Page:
DisMod3 10,11,19 was used to estimate the total number of patients living with acute myocardial infarction. An AMI was assumed to cause symptoms up to 28 days. The standard time frame for case fatality was 28 days because it was the interval defined by the Multinational MONItoring of trends and determinants in CArdiovascular disease (MONICA) Study (the highest quality case fatality data with the most years covered), but 30-day case fatality data were also analyzed. Because of the limitations of population-based survey measures of old MI prevalence (i.e. self-report of prior MI or Q-waves on resting electrocardiogram), 8 two types of data were used in the AMI model: AMI incidence and AMI 28-day case fatality. For papers identified in a systematic review of IHD epidemiology, data on AMI epidemiology, years of observation, nation or region, age, sex, diagnostic definition, and use of troponin enzyme in AMI diagnosis were abstracted.8 The GBD definition of AMI was based on the 2007 World Health Organization (WHO) diagnostic definition.8,26 Detection of positive troponin, a biomarker of myocardial injury, is a key component of the WHO category A definition, but troponin measures were not commonly used for AMI diagnosis in high income studies until around the year 2000. To this day, troponins are still not widely used in many low and middle income regions. Therefore the WHO 2007 Category B AMI definition—including cases lacking cardiac biomarker measurement—was also employed. In the analysis a study-level variable categorized AMI incidence data as reporting of troponin measurement or not, and assumed all studies published prior to 2000 did not measure troponin.
Twenty-eight day case fatality was converted to a rate (hazard) by the formula:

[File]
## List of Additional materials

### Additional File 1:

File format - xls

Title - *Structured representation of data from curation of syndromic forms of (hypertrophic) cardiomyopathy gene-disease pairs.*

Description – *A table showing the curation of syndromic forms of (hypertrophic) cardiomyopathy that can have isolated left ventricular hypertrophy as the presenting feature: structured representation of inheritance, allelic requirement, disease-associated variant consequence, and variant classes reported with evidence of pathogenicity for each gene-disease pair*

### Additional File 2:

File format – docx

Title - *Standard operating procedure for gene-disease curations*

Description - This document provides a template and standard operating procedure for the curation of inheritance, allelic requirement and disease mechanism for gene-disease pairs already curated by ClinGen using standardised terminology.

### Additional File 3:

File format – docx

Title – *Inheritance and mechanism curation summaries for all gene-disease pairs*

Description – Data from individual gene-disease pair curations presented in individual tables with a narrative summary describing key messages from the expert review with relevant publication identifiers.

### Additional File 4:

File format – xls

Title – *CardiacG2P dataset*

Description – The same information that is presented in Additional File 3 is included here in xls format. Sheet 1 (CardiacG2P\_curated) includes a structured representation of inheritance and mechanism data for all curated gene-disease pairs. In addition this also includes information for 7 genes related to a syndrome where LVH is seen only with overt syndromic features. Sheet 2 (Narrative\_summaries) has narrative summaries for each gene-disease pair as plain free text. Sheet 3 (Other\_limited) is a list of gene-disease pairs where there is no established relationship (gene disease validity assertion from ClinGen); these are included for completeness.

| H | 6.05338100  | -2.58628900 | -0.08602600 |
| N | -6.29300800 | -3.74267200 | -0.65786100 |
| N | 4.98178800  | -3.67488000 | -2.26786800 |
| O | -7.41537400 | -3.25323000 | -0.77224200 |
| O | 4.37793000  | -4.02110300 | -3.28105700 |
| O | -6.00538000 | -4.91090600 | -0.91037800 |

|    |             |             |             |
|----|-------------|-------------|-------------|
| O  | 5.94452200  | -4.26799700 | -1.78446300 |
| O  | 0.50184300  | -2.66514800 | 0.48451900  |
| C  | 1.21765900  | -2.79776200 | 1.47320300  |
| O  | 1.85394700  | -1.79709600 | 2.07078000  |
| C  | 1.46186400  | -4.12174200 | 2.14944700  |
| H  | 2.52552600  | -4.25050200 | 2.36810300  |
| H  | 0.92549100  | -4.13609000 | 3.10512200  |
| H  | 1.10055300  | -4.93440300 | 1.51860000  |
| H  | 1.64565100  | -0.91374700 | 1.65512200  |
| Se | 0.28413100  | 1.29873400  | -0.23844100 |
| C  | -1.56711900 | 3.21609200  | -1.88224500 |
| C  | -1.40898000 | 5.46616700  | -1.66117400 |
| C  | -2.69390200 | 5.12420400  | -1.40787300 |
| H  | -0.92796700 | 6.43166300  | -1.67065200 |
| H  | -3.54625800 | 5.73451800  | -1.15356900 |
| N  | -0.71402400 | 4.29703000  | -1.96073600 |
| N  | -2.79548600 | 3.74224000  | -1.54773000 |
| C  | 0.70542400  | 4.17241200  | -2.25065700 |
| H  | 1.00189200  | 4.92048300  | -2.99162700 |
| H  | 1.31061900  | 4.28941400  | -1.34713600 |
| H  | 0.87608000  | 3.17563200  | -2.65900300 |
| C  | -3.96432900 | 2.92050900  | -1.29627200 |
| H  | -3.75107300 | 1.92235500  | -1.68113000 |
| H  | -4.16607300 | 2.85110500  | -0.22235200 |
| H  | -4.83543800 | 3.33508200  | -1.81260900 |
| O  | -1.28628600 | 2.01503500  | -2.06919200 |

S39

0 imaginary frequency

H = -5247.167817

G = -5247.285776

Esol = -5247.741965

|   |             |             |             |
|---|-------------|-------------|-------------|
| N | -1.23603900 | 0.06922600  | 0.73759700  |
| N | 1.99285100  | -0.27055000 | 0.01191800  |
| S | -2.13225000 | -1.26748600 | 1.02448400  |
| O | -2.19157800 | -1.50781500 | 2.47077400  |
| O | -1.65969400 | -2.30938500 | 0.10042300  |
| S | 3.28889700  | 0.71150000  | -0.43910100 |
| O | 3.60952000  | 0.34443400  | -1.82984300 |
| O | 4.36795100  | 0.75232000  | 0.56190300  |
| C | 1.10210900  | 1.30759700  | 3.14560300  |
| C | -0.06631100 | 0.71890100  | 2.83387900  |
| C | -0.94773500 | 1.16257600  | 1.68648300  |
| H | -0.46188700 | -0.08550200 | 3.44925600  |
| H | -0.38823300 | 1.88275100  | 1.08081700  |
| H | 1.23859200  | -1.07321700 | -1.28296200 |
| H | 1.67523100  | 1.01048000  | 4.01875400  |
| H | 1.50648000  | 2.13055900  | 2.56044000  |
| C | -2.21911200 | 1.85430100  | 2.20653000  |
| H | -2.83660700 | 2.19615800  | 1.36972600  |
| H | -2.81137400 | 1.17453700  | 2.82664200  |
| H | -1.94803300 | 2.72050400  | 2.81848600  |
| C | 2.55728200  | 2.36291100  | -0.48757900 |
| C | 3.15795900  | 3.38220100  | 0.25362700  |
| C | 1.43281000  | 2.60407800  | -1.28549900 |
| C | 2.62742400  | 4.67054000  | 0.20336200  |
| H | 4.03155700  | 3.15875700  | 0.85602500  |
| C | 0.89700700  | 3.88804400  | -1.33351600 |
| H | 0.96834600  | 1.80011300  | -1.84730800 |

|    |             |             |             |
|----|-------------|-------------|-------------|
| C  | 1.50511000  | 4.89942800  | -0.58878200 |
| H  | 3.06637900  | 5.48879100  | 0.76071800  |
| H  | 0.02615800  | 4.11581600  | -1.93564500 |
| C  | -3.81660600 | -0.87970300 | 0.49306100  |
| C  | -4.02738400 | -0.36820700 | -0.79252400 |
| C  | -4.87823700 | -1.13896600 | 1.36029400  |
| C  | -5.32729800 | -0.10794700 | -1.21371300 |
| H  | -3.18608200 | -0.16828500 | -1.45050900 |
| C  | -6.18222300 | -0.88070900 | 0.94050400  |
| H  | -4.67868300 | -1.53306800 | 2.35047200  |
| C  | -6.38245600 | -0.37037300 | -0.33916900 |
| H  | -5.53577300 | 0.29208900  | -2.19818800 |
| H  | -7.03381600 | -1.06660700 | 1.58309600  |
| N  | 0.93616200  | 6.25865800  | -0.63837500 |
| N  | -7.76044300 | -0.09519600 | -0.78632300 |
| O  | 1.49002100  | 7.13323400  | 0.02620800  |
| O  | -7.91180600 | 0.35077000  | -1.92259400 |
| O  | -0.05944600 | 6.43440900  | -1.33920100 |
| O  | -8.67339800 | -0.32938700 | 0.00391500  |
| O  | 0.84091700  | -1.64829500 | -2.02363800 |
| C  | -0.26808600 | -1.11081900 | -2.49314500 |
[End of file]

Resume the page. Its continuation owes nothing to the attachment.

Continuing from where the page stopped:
IHD age-standardized death rate was used as a country-level covariate in DisMod in order to inform prevalence multiplied by excess mortality. This allowed DisMod to adjust the level of incidence and excess mortality according to regional MI mortality. We estimated proportion of MI mortality in IHD mortality, MI/IHD mortality ratio, at the region, age and sex level from the cause of death database (vital registration data with ICD 9 and ICD 10 codes in detail). The ratio of MI/IHD mortality was applied to IHD death in order to estimate MI mortality rate in DisMod. The MI/IHD mortality ratio was particularly low in Eastern Europe, and particularly high in the sub-Saharan Africa regions (Annex Textbox1). Because we used the IHD death rate as a country-level covariate, we did not use the additional covariates that were included in the production of these death rates during the CODEm process (i.e., smoking, mean serum cholesterol, systolic blood pressure, nutritional factors, income, and health system access).
Most of the studies of angina pectoris included from the GBD systematic review were population-based surveys that assessed angina prevalence using the Rose angina questionnaire, self-reported physician’s diagnosis of angina, or more rarely physician-reported diagnosis or self-reported use of anti-anginal medications. 8 We found at least one point of prevalence data for 90 countries and 18 GBD regions. Incidence data were found only for the United State, Finland, and South Africa. We also used case fatality data in terms of standardized mortality ratio (SMR) and relative risk of mortality from angina natural history studies to inform the model estimation. 8 Study-level variables categorized method of diagnosing angina; Rose questionnaire definite angina was set as the standard method. Prevalence of stable angina from two surveys, the World Health Study (WHS) and medical expenditure panel survey27 (MEPS) to informed age distribution and level of stable angina in regions. Separate variables categorized estimates based on the diagnostic definition: Rose “definite” angina (our standard definition), reporting Rose “probable” angina, or self-reported history of angina. For DisMod3, IHD mortality rate was used as a country-level covariate, precluding use of covariates used in cause of death estimation.